While a lot of attention is paid to how much time people spend on social media, the context and content matters as well. When it comes to parenting, Jenny Radesky, assistant professor of pediatrics at the University of Michigan and a developmental behavioral pediatrician, noted that it’s important to find a balance when using technology. “If you’re so preoccupied with this online space that feels more rewarding that you aren’t spending enough time working on the authentic parts of your relationship with your child that might need work, that’s where the balance may tip over,” Radesky said. Rather than just limiting screen time, parents should be intentional about how they’re using social media and the internet, and whether it’s in ways that connect or in ways than distract and deflect.
Radesky points out that parenting is one of the most stressful jobs. She’s sympathetic to parents who are very invested in curating their online persona or finding gratification online. She says that, rather than rushing to judgement, the question should be, “How else could they get either that sense of self or that sense of fulfillment or excitement, that doesn’t displace all this other time they could be working on the source of the parenting stress to begin with?” She suggests opening up conversations between parents and children as to how they use their time online and notes that it would be helpful for teens to be able to talk about what they think their parents are doing wrong or right.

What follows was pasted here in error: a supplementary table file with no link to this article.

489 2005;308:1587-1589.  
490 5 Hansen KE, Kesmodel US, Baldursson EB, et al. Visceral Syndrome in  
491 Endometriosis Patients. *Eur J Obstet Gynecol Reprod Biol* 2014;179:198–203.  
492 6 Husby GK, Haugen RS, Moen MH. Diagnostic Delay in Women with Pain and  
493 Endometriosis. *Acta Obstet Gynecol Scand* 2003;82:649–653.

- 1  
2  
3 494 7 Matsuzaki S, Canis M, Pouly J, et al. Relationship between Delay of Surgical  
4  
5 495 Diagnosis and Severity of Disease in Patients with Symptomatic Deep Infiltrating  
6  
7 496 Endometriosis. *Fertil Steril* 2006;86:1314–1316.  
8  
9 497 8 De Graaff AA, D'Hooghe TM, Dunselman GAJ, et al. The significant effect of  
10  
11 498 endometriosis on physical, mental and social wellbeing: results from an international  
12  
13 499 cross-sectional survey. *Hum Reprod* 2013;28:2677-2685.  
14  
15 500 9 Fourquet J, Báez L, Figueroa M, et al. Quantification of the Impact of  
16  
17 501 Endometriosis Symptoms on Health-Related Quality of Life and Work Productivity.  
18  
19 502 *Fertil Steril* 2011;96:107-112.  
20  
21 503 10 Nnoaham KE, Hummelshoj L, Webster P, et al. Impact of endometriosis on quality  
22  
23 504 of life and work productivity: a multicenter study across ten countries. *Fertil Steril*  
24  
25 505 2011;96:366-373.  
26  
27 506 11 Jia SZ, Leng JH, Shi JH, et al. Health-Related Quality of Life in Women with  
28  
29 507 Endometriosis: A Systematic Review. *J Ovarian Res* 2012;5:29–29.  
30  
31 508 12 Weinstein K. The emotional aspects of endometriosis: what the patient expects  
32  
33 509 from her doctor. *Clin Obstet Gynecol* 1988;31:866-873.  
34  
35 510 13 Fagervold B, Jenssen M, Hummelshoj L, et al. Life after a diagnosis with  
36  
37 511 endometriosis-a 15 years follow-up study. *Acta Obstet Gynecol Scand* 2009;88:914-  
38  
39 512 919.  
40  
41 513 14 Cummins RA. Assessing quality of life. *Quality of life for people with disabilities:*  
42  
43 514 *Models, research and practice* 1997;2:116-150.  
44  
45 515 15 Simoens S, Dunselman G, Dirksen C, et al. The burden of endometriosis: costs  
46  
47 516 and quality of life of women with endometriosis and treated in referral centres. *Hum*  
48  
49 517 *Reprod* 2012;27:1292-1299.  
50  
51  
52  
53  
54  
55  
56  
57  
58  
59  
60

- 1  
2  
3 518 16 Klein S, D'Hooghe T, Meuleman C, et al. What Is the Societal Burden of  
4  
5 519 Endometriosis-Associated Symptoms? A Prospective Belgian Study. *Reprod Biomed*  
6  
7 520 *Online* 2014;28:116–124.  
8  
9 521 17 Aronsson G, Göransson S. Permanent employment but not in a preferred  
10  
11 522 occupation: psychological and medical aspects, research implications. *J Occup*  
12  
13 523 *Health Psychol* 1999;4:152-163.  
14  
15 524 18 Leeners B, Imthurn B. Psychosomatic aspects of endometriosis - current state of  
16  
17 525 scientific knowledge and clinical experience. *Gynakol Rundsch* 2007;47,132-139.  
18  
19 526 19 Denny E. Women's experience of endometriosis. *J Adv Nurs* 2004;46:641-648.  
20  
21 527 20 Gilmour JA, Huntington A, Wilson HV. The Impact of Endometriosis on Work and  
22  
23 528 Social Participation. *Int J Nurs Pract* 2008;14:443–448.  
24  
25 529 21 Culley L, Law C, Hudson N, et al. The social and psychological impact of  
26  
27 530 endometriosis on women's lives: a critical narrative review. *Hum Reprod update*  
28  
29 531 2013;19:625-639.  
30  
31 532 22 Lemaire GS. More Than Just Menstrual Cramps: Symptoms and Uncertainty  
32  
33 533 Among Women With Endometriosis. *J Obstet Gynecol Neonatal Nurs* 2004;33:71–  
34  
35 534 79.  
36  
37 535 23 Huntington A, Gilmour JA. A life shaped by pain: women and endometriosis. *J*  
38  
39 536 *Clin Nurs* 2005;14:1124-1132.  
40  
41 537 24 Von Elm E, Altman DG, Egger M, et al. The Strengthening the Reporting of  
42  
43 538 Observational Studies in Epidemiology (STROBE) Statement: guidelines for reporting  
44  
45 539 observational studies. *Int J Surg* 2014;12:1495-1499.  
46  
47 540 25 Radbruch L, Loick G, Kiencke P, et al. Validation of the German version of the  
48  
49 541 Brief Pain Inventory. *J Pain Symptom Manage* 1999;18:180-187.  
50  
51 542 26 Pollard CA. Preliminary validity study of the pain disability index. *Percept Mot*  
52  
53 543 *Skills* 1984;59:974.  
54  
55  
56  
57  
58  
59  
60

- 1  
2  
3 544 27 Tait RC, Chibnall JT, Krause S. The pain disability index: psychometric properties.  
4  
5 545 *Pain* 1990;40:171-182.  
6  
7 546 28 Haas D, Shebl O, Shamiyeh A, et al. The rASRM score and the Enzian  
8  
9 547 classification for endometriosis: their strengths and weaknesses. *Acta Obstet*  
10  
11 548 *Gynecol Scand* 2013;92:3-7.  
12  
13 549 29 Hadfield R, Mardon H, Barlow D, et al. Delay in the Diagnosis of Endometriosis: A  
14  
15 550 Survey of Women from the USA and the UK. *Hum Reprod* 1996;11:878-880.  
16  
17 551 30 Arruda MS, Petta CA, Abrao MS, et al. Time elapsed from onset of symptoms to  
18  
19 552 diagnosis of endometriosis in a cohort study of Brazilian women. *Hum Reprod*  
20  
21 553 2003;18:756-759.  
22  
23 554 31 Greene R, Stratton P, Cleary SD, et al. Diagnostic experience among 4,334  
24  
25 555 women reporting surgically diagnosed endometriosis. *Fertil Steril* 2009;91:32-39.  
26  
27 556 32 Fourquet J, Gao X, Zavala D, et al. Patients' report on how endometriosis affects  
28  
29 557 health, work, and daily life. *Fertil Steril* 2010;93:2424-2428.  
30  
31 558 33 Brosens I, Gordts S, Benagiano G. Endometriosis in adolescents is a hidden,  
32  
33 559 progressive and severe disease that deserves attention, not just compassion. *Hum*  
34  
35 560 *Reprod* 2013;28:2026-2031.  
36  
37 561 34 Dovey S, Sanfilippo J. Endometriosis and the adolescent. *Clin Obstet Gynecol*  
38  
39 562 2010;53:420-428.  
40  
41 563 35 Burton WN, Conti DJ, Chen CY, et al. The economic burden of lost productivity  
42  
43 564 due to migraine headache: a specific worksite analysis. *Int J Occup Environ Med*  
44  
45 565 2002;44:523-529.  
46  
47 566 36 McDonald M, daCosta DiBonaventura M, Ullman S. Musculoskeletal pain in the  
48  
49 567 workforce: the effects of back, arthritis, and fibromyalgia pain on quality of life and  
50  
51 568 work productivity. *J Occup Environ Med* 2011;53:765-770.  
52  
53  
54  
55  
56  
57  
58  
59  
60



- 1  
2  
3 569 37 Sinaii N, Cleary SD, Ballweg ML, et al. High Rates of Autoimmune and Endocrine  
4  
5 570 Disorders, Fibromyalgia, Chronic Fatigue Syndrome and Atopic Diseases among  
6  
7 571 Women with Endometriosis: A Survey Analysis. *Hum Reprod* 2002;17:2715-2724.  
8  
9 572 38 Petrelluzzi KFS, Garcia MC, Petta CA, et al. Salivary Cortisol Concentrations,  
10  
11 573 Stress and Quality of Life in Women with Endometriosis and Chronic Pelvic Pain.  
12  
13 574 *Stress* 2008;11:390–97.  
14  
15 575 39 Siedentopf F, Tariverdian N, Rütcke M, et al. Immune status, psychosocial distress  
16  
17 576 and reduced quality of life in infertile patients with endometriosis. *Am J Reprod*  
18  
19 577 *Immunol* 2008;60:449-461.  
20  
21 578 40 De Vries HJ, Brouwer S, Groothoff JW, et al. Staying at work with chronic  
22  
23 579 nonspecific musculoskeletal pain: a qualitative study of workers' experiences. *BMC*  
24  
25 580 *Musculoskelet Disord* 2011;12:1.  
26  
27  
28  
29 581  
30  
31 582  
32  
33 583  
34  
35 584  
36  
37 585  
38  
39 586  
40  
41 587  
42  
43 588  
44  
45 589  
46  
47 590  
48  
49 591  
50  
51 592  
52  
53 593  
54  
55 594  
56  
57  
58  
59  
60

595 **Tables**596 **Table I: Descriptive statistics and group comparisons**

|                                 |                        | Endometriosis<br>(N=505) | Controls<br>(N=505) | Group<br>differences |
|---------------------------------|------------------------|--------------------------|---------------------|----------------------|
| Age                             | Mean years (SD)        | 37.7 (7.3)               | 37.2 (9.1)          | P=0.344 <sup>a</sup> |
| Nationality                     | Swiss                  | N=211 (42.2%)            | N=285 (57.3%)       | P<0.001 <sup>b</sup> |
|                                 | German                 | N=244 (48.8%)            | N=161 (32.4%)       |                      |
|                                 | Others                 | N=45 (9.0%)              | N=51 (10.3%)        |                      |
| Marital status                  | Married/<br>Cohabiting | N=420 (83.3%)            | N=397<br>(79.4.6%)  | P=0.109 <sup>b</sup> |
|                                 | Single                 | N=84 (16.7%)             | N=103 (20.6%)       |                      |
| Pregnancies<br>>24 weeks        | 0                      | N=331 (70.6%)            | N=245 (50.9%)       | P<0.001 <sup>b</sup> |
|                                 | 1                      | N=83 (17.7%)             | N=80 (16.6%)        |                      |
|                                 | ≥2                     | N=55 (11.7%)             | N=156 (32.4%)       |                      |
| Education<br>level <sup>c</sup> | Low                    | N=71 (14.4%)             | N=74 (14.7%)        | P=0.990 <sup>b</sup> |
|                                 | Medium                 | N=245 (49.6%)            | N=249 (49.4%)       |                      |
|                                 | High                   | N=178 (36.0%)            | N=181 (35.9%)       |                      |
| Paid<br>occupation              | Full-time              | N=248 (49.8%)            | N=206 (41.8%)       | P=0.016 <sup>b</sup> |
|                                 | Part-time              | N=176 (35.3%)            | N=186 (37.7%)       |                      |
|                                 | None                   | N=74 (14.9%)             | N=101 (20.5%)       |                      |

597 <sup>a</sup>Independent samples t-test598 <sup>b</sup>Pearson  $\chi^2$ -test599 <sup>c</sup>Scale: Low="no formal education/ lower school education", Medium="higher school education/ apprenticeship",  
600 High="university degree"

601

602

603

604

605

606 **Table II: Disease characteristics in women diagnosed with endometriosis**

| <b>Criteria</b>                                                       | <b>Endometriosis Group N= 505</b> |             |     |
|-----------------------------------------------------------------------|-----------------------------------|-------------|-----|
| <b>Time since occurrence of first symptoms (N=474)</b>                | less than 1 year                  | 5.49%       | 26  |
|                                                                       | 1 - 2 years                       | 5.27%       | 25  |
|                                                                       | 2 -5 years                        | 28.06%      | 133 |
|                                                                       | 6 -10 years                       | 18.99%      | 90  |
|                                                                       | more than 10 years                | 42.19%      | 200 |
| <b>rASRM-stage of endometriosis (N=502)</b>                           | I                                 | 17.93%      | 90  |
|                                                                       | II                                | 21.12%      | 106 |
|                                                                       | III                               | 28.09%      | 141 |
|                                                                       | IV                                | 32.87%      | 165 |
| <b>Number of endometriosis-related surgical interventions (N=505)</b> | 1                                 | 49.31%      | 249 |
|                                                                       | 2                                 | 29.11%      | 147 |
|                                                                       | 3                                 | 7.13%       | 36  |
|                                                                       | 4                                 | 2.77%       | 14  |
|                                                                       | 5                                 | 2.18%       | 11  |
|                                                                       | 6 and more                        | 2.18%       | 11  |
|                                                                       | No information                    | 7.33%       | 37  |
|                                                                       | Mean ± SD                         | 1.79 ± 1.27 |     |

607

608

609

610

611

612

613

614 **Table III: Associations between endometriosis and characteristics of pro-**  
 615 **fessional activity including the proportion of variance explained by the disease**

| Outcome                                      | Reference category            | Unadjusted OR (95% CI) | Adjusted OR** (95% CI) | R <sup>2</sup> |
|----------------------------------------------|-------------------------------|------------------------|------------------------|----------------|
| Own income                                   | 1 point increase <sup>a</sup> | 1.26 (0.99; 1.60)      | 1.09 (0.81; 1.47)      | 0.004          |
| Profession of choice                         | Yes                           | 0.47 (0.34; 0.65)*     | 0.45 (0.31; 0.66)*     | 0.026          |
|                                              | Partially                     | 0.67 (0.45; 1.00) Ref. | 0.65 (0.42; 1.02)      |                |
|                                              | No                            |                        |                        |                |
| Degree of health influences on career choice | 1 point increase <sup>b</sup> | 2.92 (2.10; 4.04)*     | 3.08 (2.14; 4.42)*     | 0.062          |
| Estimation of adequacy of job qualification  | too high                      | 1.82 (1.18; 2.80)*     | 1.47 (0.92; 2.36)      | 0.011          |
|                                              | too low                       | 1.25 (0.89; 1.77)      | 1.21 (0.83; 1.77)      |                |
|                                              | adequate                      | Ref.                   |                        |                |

The reaction from teens about having too online parents is not necessarily always negative—Kanika, an 18-year-old sophomore at Purdue University who grew up in the Bay Area, told me that her mother has used social media heavily for the last decade, mostly to connect with other Indian-Americans in the community. “I think it stemmed a lot from coming to the Bay Area from India when there wasn’t as much cultural diversity so they had to find ways to bond together and keep their culture alive within those pockets.” Kanika lists the apps that her mother is active on: Facebook, Instagram, Snapchat, Twitter. She says that there are times when they are out together and they’ll run into someone who her mother has only met online and stop to talk to them.
“It just made me a lot more comfortable with using the internet. There’s a lot of people who like to give this false persona of themselves on the internet,” Kanika said. “Seeing my mom still be herself on the internet was a good thing to have because I realized that I can be myself.”
This article originally appeared on VICE US.